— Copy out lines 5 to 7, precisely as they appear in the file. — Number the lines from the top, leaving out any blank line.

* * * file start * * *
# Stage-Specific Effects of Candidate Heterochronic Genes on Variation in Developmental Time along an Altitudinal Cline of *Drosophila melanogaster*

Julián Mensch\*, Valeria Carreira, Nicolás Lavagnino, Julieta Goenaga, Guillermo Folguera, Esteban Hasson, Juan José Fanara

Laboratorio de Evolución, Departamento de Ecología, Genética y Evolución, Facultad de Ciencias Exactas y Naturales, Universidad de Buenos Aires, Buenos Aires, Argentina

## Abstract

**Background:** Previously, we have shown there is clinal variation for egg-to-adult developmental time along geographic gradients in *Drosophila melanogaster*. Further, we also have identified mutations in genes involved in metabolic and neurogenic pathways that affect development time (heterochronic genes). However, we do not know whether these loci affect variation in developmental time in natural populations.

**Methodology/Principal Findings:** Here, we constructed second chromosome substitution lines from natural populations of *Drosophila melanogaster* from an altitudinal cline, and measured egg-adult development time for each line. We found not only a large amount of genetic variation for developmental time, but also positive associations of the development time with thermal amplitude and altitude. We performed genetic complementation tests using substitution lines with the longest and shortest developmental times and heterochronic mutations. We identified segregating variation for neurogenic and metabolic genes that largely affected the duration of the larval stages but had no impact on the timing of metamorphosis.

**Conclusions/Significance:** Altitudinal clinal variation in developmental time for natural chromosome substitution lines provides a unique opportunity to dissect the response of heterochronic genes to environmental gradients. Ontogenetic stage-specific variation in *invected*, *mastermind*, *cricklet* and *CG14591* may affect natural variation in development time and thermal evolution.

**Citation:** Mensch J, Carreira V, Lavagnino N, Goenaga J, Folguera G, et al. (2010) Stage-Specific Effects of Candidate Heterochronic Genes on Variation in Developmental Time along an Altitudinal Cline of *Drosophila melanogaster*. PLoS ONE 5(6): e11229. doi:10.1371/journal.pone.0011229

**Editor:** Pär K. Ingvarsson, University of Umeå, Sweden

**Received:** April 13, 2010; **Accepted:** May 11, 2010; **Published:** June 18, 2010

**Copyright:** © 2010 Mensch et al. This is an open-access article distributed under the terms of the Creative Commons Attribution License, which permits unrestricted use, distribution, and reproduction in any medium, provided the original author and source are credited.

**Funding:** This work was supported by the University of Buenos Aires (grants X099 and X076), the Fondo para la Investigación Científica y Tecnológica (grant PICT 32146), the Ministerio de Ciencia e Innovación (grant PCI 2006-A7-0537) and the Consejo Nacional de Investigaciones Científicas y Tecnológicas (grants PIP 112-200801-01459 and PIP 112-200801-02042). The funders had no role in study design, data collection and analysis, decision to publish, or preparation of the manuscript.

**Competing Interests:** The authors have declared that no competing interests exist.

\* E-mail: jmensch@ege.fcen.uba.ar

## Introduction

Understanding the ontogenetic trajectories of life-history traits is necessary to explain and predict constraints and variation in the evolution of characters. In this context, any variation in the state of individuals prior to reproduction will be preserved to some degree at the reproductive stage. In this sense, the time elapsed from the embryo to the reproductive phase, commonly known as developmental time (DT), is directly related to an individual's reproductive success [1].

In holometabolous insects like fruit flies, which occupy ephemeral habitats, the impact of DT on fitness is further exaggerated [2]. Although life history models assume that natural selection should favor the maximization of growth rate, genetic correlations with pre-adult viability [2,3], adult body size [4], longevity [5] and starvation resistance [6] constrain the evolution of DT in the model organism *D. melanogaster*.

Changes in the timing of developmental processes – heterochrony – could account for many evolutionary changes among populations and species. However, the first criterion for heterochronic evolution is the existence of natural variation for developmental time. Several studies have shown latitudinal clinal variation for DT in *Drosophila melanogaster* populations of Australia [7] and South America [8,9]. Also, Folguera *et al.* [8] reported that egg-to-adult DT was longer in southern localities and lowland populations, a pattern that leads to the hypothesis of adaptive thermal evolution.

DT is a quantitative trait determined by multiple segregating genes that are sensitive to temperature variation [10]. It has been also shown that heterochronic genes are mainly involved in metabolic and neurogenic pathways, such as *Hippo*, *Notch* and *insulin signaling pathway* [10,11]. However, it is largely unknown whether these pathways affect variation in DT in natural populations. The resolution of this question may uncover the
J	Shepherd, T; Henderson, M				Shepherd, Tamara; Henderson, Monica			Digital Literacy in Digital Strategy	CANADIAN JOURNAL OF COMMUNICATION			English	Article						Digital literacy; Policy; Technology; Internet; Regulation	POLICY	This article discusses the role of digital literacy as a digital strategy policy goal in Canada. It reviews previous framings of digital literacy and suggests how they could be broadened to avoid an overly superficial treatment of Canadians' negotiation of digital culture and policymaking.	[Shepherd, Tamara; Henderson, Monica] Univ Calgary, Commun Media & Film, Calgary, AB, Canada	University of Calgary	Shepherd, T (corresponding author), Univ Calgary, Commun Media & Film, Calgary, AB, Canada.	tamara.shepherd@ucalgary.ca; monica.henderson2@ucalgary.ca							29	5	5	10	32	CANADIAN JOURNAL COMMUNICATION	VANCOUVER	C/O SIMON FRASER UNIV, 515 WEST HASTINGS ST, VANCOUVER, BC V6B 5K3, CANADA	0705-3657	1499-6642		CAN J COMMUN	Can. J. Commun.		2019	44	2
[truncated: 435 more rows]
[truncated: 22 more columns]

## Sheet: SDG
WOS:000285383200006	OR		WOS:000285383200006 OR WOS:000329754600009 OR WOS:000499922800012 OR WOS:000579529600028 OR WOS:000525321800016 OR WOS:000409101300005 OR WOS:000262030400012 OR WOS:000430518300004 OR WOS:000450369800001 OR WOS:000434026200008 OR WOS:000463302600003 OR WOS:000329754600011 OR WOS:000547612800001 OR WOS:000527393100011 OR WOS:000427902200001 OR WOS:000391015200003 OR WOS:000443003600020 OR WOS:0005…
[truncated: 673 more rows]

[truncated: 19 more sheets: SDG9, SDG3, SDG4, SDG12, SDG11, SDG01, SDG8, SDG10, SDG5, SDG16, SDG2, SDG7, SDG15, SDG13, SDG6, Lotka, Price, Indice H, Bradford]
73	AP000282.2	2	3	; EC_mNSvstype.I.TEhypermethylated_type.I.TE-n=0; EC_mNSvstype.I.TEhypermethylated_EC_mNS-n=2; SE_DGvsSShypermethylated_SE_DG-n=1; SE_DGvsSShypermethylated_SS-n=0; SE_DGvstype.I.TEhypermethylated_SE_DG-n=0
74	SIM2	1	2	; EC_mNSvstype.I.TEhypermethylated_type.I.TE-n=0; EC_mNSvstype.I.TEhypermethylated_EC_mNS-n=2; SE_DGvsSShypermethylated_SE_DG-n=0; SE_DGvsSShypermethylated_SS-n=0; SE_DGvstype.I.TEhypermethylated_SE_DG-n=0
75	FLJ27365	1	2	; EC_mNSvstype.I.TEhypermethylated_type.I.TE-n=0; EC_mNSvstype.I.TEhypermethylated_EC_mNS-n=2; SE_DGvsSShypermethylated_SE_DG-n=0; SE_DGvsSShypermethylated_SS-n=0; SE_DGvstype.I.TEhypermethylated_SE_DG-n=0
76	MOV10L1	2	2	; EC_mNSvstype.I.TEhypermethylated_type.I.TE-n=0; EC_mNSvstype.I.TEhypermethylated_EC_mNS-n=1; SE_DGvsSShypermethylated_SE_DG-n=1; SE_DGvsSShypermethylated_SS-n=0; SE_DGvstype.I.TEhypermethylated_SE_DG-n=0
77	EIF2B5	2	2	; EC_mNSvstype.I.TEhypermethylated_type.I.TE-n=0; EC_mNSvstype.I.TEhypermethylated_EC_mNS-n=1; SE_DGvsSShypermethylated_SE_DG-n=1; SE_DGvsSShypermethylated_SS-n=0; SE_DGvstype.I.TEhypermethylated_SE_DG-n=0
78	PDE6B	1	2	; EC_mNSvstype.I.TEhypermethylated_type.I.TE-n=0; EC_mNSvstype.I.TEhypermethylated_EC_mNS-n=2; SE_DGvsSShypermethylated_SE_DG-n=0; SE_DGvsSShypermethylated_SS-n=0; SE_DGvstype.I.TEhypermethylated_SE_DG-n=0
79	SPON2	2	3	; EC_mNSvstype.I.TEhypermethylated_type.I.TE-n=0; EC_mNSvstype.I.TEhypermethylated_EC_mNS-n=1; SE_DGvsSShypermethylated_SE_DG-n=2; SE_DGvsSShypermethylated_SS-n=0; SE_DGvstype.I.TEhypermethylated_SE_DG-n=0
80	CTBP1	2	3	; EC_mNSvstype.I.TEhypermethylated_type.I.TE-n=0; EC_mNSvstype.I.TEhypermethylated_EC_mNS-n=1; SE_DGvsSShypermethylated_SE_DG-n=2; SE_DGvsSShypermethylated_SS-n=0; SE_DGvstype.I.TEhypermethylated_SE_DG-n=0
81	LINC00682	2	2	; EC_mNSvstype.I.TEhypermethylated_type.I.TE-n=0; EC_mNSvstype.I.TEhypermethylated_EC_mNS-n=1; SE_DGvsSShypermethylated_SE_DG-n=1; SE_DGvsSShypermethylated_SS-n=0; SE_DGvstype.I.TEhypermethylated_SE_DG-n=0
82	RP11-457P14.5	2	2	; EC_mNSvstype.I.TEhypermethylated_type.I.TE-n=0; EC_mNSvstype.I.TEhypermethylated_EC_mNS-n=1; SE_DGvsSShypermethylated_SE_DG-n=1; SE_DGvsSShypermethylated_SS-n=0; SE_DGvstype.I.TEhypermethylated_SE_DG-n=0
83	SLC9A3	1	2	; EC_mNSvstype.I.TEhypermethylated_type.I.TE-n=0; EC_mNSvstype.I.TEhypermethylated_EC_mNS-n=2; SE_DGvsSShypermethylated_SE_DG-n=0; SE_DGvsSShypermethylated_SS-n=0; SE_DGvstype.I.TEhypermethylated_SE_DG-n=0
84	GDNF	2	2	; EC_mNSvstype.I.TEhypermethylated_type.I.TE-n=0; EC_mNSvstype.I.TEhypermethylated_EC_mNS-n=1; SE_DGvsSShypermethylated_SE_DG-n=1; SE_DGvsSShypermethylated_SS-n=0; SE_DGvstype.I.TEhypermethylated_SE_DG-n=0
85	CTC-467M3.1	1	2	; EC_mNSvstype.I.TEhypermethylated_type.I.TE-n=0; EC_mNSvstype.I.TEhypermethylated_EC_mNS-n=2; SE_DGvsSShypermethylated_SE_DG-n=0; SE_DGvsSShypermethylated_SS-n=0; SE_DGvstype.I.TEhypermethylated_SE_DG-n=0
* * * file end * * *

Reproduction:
**Background:** Previously, we have shown there is clinal variation for egg-to-adult developmental time along geographic gradients in *Drosophila melanogaster*. Further, we also have identified mutations in genes involved in metabolic and neurogenic pathways that affect development time (heterochronic genes). However, we do not know whether these loci affect variation in developmental time in natural populations.

**Methodology/Principal Findings:** Here, we constructed second chromosome substitution lines from natural populations of *Drosophila melanogaster* from an altitudinal cline, and measured egg-adult development time for each line. We found not only a large amount of genetic variation for developmental time, but also positive associations of the development time with thermal amplitude and altitude. We performed genetic complementation tests using substitution lines with the longest and shortest developmental times and heterochronic mutations. We identified segregating variation for neurogenic and metabolic genes that largely affected the duration of the larval stages but had no impact on the timing of metamorphosis.

**Conclusions/Significance:** Altitudinal clinal variation in developmental time for natural chromosome substitution lines provides a unique opportunity to dissect the response of heterochronic genes to environmental gradients. Ontogenetic stage-specific variation in *invected*, *mastermind*, *cricklet* and *CG14591* may affect natural variation in development time and thermal evolution.